A lot of the physical queues that you use for attribution are simply not going to work, but there are many other reasons why the analogy between nuclear deterrence and cyber deterrence start to fall short.

CHABROW:: Is there a role for some type of cyber offense for the United States or other nations?

LIBICKI:: Cyber offense comes in two categories. One is operational cyberwarfare and the other is strategic cyberwarfare. In operational cyberwarfare, what you are basically trying to do is use cyber means to help physical means do their job. If you want to bomb a particular target, the enemy has air defenses, you want to find some way to deal with the air defenses. You could use physical means, that is to say blow up the radars. You could use electronic warfare means, which is to say make sure the radar doesn't pick up your incoming aircraft. Or, you can use cyber means, which is a way of confusing the computers in such a way as to either prevent it from picking up the aircraft or picking up the aircraft too late to really do them any good.

One of the differences between cyber and the other forms of warfare is that cyber is largely untested. Sometimes it works and sometimes it doesn't. But in some sense, once could say the same about many other forms of warfare, although I think for cyber we know a good deal less about the percentage of effectiveness. That is operational cyberwarfare and I believe in any military that is of a mind to conduct real warfare against an adversary, they ought to be of a mind to conduct cyberwar against an adversary to the extent that cyberwar is a cost effective means of projecting military force. In many ways it is not very expensive to generate an offensive cyberwarfare capability. And, although the odds of success are not guaranteed, there may be circumstances in which the odds are fairly high enough that it is worthwhile on taking the chance and carrying out a cyber attack in conjunction with the physical warfare.

On the other hand you have strategic warfare. The notion that we can get other countries to surrender by disabling their power supply, banking, electricity, phones, etc., etc., the same things that we worry about having been done to us. Here I would say a little more caution is required, partially because of the many uncertainties of cyberspace, which is to say you don't always know what you have done, collateral damage can be very difficult to predict sometimes and it is often very easy to mask the effects. But I would also argue that it is inherent in conflict in cyberspace that there is a certain serious flaw in the matter.

Complexity Leads to Flaws

Let me step back and start with two items, one of them technical and one of them not. The technical item is, if you get into somebody else's system and muck around with it, it is because somebody else's system has a flaw. In theory, and to a large extent although not 100 percent in practice, computer systems do what their owners and operators want them to do. That is how they are designed. But computer systems are complex and because they are complex they have flaws, and a certain percentage of these flaws will allow bad guys to take over your computers, or bad guys to do something to your computers you don't want them to do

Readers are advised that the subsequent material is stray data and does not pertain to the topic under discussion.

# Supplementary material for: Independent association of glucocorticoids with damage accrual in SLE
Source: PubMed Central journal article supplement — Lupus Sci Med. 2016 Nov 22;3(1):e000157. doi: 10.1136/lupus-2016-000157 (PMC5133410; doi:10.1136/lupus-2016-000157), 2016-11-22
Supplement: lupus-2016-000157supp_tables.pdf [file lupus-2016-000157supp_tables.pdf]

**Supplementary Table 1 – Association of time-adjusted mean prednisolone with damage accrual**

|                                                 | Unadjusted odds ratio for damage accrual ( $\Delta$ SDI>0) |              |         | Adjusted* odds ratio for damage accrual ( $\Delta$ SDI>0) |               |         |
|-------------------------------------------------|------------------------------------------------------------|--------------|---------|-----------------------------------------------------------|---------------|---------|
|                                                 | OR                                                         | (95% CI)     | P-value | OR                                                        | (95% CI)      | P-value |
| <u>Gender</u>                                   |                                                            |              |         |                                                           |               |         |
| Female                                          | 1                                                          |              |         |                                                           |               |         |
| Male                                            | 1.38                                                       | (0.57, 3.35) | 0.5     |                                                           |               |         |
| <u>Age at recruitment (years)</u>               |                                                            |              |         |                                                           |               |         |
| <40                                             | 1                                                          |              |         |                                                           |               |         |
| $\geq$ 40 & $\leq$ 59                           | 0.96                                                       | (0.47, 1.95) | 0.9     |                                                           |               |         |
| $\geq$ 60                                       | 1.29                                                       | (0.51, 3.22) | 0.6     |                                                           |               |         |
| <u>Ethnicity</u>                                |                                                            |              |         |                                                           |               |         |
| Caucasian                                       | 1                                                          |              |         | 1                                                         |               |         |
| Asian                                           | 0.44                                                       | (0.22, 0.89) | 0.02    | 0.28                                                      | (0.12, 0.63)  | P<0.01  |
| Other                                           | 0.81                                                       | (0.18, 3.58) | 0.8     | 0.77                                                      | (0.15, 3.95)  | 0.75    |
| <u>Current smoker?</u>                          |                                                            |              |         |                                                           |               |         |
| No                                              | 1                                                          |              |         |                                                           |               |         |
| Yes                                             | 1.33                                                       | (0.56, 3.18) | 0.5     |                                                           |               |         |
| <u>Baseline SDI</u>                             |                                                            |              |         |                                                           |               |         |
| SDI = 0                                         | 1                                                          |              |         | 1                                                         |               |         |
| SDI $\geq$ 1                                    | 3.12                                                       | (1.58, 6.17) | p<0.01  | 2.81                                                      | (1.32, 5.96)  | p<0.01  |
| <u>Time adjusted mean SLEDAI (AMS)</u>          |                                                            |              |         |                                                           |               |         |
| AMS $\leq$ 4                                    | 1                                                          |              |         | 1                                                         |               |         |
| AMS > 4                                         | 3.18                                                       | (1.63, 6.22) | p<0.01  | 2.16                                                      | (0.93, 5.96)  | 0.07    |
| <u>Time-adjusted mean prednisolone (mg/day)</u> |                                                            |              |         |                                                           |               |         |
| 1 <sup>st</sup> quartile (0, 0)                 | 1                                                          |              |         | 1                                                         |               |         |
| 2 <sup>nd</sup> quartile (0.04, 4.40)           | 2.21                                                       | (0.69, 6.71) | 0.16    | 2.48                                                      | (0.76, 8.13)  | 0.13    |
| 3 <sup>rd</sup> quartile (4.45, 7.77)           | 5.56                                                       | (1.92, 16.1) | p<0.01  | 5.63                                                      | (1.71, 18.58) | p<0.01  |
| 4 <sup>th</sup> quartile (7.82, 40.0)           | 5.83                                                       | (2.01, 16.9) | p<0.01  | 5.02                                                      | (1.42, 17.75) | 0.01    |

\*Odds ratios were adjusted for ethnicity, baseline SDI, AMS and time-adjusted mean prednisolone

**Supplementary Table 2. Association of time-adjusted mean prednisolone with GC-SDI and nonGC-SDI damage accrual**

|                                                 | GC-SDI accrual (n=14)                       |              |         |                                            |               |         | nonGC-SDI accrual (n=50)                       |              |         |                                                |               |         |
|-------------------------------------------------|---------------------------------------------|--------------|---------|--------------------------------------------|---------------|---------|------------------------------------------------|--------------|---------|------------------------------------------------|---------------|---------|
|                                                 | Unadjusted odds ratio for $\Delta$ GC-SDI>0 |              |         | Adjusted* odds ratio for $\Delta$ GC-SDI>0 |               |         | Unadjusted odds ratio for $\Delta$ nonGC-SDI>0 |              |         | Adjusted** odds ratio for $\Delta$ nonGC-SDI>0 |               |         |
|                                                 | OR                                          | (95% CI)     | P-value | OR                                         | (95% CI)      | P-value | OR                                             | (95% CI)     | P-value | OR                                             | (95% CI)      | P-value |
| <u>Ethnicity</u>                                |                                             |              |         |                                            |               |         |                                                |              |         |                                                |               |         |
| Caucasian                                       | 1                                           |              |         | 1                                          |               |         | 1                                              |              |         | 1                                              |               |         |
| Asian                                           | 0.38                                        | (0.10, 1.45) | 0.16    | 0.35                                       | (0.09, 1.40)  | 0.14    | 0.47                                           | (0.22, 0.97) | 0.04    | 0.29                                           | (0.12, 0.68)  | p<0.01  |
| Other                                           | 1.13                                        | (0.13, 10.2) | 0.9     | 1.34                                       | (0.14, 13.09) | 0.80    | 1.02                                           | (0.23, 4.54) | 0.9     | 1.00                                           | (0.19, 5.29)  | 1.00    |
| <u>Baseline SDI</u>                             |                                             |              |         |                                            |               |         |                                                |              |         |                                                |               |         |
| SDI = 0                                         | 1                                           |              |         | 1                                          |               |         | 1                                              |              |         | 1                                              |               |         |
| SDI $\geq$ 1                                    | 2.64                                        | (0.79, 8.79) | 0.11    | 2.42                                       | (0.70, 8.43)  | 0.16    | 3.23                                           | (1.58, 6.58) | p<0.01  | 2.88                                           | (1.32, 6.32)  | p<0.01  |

It is in the nature of flaws, however, if you realize that you have a particular flaw, you have a great incentive to try to correct it and if you figure that in fact correcting it is not going to be all that easy, there are various other methods you can have, which can either eliminate or mitigate the damage. That is to say that you can reduce access between the relevant network and the outside world. You can also reduce to a certain extent your dependence on that network. In other words, you have a great deal of discretion about how vulnerable you want to be.

Now let me put that aside for a moment and get to the next point. When you are in the coercion/deterrence/compellance game, you are always dealing with some sort of mix between anger and fear. That is to say, if you attack somebody as a way of demonstrating your cyber capabilities, there is a certain likelihood that the other side is going to get angry and being angry will want to hit back. But there is also a certain likelihood that the other side will become more fearful of you and becoming more fearful would not want to hit you back. Or, more generally, would want to do other things that would not make you quite so likely to carry out a cyber attack.

Anytime that you engage in strategic warfare, that is anytime you engage in warfare not for the purposes of disarming the other side, but for the purpose of changing its calculus, you always have to ask yourself: Where on the fear-versus-anger spectrum you are going to end up?

I would suggest that if you are using a weapon that only gets worse over time, your fear component tends to be more dominate. That is to say if you take a look at our air campaign against the Serbs in 1999 over Kosovo, we gradually convinced the Serbs over a three month period that things were only going to get worse for them; that NATO planes could fly in more or less unmolested and that our choice of targets, which had been previously relatively precise and military oriented, might at some future point become imprecise, or more generally, more civilian oriented. They were looking at their hand and it was only going to get worse.

More Attacks, Fewer Fears

In cyberspace, because of the inherent capability of fixing errors, you have the prospect that people will take a hit, maybe one, maybe two, maybe a few, and calculate that in fact that they are going to be getting safer rather than less safe over time. Which is to say at the cost of reducing their assets of their network or at the costs of putting resources in to fixes, they have less and less a fear of a cyber attack over the course of your campaign, in which case your fear component is lower and your anger component is unabated.